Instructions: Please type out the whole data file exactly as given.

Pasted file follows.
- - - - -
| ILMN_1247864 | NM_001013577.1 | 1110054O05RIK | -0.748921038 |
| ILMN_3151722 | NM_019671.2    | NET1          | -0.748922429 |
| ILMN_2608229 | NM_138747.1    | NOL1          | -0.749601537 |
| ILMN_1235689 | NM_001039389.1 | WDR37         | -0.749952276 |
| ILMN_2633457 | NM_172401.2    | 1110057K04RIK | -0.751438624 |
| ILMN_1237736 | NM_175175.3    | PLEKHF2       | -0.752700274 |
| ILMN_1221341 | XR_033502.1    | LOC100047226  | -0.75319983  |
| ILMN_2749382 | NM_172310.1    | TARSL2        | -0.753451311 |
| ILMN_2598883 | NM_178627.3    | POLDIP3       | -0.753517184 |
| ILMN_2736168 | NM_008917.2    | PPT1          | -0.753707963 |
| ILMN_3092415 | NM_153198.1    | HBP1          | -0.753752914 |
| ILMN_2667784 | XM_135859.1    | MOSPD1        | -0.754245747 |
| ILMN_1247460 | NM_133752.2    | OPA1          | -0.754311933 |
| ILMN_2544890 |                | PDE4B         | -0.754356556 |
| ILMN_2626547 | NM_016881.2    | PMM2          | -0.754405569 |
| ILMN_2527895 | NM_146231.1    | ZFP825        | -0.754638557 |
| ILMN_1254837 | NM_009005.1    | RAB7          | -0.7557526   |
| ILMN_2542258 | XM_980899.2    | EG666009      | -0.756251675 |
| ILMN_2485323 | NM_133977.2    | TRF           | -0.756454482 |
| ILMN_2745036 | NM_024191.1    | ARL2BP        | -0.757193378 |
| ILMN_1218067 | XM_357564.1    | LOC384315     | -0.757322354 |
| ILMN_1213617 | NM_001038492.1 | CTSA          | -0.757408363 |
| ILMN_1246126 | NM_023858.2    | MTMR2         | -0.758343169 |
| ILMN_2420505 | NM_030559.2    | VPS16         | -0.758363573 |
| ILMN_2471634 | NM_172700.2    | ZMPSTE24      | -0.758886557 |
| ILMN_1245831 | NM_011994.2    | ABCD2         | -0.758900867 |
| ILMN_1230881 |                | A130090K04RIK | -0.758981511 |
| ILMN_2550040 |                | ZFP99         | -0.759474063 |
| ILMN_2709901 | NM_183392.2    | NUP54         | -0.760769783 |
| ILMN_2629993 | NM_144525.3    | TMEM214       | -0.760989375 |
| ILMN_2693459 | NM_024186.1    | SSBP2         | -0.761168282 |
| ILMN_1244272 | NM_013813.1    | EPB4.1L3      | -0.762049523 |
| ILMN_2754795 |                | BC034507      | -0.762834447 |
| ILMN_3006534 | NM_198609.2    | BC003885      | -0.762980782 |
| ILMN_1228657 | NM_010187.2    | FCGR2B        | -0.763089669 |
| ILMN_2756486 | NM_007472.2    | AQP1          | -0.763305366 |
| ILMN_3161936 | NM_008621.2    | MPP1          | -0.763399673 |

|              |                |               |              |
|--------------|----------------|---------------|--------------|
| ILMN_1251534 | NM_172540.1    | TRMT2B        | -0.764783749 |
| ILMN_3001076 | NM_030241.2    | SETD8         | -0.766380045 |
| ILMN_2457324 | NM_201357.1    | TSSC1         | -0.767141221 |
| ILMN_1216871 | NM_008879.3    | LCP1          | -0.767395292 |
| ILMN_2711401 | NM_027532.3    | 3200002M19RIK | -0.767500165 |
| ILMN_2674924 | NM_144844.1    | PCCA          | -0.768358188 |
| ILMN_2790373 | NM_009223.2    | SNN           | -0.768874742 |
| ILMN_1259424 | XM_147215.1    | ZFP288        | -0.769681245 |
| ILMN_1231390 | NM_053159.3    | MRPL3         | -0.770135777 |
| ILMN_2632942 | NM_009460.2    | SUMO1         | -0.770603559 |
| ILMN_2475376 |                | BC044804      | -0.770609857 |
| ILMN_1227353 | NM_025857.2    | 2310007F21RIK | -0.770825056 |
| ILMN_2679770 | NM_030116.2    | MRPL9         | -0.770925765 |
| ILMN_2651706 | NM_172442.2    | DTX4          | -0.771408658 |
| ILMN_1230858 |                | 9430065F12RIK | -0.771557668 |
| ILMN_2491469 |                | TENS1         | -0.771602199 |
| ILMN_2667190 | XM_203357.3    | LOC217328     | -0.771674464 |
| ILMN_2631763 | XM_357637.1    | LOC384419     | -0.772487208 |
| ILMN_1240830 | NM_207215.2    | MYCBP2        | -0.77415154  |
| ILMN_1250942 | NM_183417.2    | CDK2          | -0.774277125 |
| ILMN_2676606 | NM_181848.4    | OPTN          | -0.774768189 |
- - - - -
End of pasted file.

| ILMN_1247864 | NM_001013577.1 | 1110054O05RIK | -0.748921038 |
| ILMN_3151722 | NM_019671.2    | NET1          | -0.748922429 |
| ILMN_2608229 | NM_138747.1    | NOL1          | -0.749601537 |
| ILMN_1235689 | NM_001039389.1 | WDR37         | -0.749952276 |
| ILMN_2633457 | NM_172401.2    | 1110057K04RIK | -0.751438624 |
| ILMN_1237736 | NM_175175.3    | PLEKHF2       | -0.752700274 |
| ILMN_1221341 | XR_033502.1    | LOC100047226  | -0.75319983  |
| ILMN_2749382 | NM_172310.1    | TARSL2        | -0.753451311 |
| ILMN_2598883 | NM_178627.3    | POLDIP3       | -0.753517184 |
| ILMN_2736168 | NM_008917.2    | PPT1          | -0.753707963 |
| ILMN_3092415 | NM_153198.1    | HBP1          | -0.753752914 |
| ILMN_2667784 | XM_135859.1    | MOSPD1        | -0.754245747 |
| ILMN_1247460 | NM_133752.2    | OPA1          | -0.754311933 |
| ILMN_2544890 |                | PDE4B         | -0.754356556 |
| ILMN_2626547 | NM_016881.2    | PMM2          | -0.754405569 |
| ILMN_2527895 | NM_146231.1    | ZFP825        | -0.754638557 |
| ILMN_1254837 | NM_009005.1    | RAB7          | -0.7557526   |
| ILMN_2542258 | XM_980899.2    | EG666009      | -0.756251675 |
| ILMN_2485323 | NM_133977.2    | TRF           | -0.756454482 |
| ILMN_2745036 | NM_024191.1    | ARL2BP        | -0.757193378 |
| ILMN_1218067 | XM_357564.1    | LOC384315     | -0.757322354 |
| ILMN_1213617 | NM_001038492.1 | CTSA          | -0.757408363 |
| ILMN_1246126 | NM_023858.2    | MTMR2         | -0.758343169 |
| ILMN_2420505 | NM_030559.2    | VPS16         | -0.758363573 |
| ILMN_2471634 | NM_172700.2    | ZMPSTE24      | -0.758886557 |
| ILMN_1245831 | NM_011994.2    | ABCD2         | -0.758900867 |
| ILMN_1230881 |                | A130090K04RIK | -0.758981511 |
| ILMN_2550040 |                | ZFP99         | -0.759474063 |
| ILMN_2709901 | NM_183392.2    | NUP54         | -0.760769783 |
| ILMN_2629993 | NM_144525.3    | TMEM214       | -0.760989375 |
| ILMN_2693459 | NM_024186.1    | SSBP2         | -0.761168282 |
| ILMN_1244272 | NM_013813.1    | EPB4.1L3      | -0.762049523 |
| ILMN_2754795 |                | BC034507      | -0.762834447 |
| ILMN_3006534 | NM_198609.2    | BC003885      | -0.762980782 |
| ILMN_1228657 | NM_010187.2    | FCGR2B        | -0.763089669 |
| ILMN_2756486 | NM_007472.2    | AQP1          | -0.763305366 |
| ILMN_3161936 | NM_008621.2    | MPP1          | -0.763399673 |

|              |                |               |              |
|--------------|----------------|---------------|--------------|
| ILMN_1251534 | NM_172540.1    | TRMT2B        | -0.764783749 |
| ILMN_3001076 | NM_030241.2    | SETD8         | -0.766380045 |
| ILMN_2457324 | NM_201357.1    | TSSC1         | -0.767141221 |
| ILMN_1216871 | NM_008879.3    | LCP1          | -0.767395292 |
| ILMN_2711401 | NM_027532.3    | 3200002M19RIK | -0.767500165 |
| ILMN_2674924 | NM_144844.1    | PCCA          | -0.768358188 |
| ILMN_2790373 | NM_009223.2    | SNN           | -0.768874742 |
| ILMN_1259424 | XM_147215.1    | ZFP288        | -0.769681245 |
| ILMN_1231390 | NM_053159.3    | MRPL3         | -0.770135777 |
| ILMN_2632942 | NM_009460.2    | SUMO1         | -0.770603559 |
| ILMN_2475376 |                | BC044804      | -0.770609857 |
| ILMN_1227353 | NM_025857.2    | 2310007F21RIK | -0.770825056 |
| ILMN_2679770 | NM_030116.2    | MRPL9         | -0.770925765 |
| ILMN_2651706 | NM_172442.2    | DTX4          | -0.771408658 |
| ILMN_1230858 |                | 9430065F12RIK | -0.771557668 |
| ILMN_2491469 |                | TENS1         | -0.771602199 |
| ILMN_2667190 | XM_203357.3    | LOC217328     | -0.771674464 |
| ILMN_2631763 | XM_357637.1    | LOC384419     | -0.772487208 |
| ILMN_1240830 | NM_207215.2    | MYCBP2        | -0.77415154  |
| ILMN_1250942 | NM_183417.2    | CDK2          | -0.774277125 |
| ILMN_2676606 | NM_181848.4    | OPTN          | -0.774768189 |